If you notice icicles hanging from your overhangs or ice forming on your roof, you need to be aware that an ice dam is beginning to form. An ice dam can be damaging to your roof and cause thousands of dollars in damage if not properly cared for. Many types of roofing materials, including wood shakes, asphalt shingles and ceramic tiles, can crack and break due to the extremely cold temperature of the ice. The heavy weight of the ice can also weigh down your roof, causing small cracks to form or even causing your roof to cave in. If ice is accumulating on your roof, here are a few things that you should do to reverse the problem and prevent the ice from causing any more damage to your roof than it may have already caused.
Use a Roof Rake
If you have ice accumulating on your roof, one of the ways that you can remove it is to use a roof rake. This type of rake is specially designed to allow you to reach on your roof and remove snow and ice, without damaging the roof. It looks more like a window squeegee than a traditional rake, which is why it is safe to use on your roof.
Stand on the ground and extend the pole on your roof rake. Reach as far onto the roof as the rake will allow you to, and gently pull the rake downward following the slope of the roof. As you pull the rake downward, some ice and snow will lift away. However, if the ice is thick, a roof rake may not be very effective.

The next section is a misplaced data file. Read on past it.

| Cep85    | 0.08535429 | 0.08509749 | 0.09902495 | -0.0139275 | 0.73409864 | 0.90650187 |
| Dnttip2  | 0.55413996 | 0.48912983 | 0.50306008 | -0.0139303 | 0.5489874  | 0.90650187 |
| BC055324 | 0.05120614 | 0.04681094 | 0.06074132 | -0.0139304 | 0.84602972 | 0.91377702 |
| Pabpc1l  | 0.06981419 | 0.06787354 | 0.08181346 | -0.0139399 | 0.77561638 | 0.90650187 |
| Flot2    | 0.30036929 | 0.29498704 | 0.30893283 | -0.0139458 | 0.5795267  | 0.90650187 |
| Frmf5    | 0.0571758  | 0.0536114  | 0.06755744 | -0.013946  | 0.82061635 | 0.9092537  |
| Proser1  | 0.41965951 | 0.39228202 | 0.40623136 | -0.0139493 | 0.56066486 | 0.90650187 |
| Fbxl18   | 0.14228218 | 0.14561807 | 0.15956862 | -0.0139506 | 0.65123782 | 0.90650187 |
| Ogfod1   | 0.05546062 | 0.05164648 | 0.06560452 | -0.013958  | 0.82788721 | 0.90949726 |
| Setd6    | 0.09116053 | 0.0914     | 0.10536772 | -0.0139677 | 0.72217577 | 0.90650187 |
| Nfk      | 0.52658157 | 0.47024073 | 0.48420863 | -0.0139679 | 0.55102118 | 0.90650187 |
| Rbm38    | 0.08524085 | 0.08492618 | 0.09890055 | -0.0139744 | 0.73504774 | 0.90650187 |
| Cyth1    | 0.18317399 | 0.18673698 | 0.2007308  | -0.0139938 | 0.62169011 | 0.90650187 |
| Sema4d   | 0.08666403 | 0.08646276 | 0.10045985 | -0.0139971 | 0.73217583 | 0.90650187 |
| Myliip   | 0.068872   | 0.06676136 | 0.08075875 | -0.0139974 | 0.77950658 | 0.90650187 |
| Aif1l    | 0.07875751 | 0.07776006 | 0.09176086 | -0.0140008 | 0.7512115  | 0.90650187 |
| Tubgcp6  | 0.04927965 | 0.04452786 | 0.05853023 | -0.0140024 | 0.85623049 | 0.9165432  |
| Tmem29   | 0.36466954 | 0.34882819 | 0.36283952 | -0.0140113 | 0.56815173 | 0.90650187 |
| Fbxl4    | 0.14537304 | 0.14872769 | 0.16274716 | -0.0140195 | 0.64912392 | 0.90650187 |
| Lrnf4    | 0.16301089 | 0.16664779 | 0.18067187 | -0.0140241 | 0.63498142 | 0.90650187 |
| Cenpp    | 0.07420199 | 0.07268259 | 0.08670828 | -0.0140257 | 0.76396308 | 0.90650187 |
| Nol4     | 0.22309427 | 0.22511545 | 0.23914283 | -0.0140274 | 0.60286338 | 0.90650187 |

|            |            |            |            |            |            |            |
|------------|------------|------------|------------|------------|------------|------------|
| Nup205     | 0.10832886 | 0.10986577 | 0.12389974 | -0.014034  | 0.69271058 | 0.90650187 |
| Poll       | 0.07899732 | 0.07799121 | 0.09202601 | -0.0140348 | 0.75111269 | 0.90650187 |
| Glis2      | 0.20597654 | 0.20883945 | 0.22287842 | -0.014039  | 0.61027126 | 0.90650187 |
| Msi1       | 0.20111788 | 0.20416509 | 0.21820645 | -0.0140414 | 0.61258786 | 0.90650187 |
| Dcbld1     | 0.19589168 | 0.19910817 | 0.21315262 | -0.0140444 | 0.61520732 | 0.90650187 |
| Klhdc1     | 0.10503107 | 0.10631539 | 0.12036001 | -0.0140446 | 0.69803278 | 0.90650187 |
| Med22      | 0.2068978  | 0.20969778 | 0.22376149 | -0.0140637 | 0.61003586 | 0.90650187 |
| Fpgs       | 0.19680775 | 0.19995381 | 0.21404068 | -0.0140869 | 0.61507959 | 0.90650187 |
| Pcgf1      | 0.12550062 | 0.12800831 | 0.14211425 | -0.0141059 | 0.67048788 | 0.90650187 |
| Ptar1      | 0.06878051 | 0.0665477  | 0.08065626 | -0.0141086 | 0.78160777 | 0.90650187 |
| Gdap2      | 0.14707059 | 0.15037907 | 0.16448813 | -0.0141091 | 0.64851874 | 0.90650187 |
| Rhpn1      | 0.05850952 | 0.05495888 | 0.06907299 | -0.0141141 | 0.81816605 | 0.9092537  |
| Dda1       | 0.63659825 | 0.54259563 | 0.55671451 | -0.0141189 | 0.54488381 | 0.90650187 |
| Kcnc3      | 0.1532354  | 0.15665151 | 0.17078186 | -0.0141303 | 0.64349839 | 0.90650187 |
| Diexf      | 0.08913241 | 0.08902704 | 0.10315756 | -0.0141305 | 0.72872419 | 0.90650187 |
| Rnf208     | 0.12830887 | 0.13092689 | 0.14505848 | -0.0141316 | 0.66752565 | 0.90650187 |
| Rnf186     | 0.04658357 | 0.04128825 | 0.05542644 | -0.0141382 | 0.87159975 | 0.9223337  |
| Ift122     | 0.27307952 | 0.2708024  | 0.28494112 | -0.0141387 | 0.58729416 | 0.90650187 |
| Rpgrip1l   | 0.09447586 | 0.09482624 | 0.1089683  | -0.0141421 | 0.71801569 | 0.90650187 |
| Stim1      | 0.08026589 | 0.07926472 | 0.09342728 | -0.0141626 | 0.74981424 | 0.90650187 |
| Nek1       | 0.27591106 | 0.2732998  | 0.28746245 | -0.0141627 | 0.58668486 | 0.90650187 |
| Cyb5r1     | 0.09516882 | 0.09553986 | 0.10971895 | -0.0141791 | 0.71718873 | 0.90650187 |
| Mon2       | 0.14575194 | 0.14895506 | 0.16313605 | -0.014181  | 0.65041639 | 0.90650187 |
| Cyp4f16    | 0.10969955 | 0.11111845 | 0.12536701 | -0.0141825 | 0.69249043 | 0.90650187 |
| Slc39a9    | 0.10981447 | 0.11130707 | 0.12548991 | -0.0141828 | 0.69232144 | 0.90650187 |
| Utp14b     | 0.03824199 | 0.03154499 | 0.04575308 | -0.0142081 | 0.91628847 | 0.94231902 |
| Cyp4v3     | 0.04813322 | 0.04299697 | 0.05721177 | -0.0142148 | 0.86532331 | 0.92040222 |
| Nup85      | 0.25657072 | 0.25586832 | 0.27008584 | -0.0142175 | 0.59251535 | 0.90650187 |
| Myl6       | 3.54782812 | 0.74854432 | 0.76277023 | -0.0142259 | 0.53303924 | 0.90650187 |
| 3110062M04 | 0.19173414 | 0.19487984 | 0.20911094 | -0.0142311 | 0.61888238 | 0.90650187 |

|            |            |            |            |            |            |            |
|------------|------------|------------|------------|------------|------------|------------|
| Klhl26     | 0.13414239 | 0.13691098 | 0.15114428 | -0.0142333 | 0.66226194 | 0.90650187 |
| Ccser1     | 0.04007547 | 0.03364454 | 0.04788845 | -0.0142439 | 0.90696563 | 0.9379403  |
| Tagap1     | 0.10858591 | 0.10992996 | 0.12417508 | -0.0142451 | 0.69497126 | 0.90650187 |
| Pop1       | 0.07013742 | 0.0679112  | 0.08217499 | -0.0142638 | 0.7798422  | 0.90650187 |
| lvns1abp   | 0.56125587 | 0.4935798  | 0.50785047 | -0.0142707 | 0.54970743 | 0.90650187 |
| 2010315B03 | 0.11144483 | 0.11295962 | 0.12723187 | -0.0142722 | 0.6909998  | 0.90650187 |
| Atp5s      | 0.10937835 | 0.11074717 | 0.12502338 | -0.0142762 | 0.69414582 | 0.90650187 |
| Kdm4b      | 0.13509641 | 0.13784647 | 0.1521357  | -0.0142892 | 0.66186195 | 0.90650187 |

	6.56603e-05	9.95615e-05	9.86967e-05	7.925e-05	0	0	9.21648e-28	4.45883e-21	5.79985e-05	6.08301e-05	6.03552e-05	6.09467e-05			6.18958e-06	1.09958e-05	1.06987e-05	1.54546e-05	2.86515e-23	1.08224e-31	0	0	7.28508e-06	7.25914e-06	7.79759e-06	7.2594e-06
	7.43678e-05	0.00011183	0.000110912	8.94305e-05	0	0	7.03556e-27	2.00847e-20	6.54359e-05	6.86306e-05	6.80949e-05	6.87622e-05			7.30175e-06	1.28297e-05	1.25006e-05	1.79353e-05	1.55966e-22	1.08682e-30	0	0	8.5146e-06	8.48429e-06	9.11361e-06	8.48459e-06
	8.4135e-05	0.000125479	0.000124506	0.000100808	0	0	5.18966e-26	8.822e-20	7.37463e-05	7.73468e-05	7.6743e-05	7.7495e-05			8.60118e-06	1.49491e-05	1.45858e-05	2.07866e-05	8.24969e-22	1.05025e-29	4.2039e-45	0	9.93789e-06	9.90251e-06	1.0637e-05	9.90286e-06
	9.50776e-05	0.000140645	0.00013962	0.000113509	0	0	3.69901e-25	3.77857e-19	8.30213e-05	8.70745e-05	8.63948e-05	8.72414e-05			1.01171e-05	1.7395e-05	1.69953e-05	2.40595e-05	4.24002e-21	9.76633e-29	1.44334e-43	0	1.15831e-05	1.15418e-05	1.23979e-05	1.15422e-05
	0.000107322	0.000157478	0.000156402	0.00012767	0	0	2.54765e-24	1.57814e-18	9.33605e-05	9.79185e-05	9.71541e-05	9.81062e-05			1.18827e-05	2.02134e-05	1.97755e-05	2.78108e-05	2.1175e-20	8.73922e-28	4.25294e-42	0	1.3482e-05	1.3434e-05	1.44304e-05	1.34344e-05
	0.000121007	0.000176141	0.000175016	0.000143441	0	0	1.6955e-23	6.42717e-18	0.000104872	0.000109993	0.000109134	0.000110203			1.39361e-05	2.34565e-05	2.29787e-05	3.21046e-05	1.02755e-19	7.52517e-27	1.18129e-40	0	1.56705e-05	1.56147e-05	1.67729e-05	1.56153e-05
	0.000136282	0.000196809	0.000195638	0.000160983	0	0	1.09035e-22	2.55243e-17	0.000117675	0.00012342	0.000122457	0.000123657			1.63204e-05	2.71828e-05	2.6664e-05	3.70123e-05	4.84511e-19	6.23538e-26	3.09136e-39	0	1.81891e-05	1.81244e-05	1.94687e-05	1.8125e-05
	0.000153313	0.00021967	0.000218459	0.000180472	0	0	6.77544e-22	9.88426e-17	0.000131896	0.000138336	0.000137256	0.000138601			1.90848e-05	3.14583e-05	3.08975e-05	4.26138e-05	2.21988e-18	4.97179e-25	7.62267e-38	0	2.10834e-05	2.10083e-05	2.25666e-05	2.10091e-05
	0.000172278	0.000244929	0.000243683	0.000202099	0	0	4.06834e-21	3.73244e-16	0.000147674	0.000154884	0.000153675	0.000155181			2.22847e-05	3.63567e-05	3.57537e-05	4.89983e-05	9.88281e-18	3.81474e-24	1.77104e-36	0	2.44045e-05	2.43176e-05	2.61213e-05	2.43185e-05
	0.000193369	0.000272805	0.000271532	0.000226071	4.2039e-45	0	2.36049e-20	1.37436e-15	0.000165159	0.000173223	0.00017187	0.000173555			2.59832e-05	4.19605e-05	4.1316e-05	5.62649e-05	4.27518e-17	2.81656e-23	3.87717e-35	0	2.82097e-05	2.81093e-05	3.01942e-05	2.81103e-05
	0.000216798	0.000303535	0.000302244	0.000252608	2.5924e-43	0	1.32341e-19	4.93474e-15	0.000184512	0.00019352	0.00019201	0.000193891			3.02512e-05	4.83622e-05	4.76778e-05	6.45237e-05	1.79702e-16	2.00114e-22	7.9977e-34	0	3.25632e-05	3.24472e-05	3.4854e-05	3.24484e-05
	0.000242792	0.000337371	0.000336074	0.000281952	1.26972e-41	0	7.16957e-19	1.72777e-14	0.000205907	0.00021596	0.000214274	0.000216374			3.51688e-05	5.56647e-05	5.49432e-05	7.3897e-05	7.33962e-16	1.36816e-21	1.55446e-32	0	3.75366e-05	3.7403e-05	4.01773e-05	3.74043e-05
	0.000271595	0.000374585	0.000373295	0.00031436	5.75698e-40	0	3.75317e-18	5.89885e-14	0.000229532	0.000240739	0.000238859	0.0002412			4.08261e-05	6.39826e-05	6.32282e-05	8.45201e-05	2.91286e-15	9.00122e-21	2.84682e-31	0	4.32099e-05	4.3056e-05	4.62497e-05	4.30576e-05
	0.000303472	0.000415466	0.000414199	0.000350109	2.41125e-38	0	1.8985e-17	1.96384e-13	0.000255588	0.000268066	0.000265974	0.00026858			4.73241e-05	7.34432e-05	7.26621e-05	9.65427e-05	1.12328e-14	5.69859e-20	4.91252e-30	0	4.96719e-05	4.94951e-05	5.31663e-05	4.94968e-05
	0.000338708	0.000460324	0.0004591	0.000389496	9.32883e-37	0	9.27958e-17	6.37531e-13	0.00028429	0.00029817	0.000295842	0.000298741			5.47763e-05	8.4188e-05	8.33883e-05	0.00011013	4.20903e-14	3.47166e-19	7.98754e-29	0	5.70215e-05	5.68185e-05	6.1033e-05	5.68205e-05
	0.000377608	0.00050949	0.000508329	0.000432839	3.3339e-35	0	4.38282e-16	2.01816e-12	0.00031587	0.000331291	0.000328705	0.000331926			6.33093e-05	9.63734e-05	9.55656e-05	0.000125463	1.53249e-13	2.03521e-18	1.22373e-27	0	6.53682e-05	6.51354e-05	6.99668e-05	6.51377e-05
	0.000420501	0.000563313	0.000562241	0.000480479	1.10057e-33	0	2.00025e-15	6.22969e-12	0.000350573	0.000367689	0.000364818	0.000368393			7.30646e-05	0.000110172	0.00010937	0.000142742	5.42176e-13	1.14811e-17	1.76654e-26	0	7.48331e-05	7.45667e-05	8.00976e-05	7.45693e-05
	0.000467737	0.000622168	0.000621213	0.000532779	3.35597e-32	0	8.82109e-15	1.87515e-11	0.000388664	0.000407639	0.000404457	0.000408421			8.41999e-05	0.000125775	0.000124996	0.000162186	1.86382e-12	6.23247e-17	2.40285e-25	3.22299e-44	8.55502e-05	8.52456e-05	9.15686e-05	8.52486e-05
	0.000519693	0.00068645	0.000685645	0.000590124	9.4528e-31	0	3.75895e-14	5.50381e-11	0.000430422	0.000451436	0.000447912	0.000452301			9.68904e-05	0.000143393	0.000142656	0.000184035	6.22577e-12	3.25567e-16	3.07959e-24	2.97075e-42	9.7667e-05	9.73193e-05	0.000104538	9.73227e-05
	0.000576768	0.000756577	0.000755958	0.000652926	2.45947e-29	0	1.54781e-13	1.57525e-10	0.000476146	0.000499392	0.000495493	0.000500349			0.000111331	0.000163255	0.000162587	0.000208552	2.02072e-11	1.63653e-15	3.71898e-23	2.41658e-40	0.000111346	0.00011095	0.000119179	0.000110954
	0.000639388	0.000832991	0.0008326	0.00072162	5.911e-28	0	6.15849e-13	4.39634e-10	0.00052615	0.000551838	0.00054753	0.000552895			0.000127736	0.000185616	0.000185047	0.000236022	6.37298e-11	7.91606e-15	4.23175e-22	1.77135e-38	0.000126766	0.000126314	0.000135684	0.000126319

Use Calcium Chloride
If ice is accumulating on your roof and your roof rake does not work, you should next try to use calcium chloride. Calcium chloride is an ice melting product that can readily be found at home improvement stores if you live in a cold weather area during the winter months. However, unlike ice melting salts, calcium chloride will not harm your roof or dry it out.
When using calcium chloride, you will want to cut out the leg of an old pair of panty hose. Fill the leg with calcium chloride and tie a knot in the top of the panty hose. Then use your roof rake to lay the calcium chloride-filled panty hose on the roof in a vertical position. You want it positioned over the thickest part of the dam with the sock extending into the gutter. The calcium chloride will melt this part of the dam, creating a channel down the middle of the ice dam. This will allow the other parts to hopefully slowly melt and drain away into your gutter trough.
Call in a Residential Roofer
If a roof rake and calcium chloride are not solving the problem, or if the dam has started to crack your roof, you will want to call in a residential roofer. They can use roof heaters and other products to slowly melt the dam and remove it before it causes any further damage.
An ice dam is nothing to mess around with. They can grow quickly and become challenging to remove. Working to remove it as soon as it is spotted is the best way to prevent problems that can be caused by an ice dam forming on your roof. Using a roof rake and calcium chloride can help you to remove some ice dams on your own. However, if these products don't work, you need to call in a professional to remove the ice dam. See this site or a similar one for more information.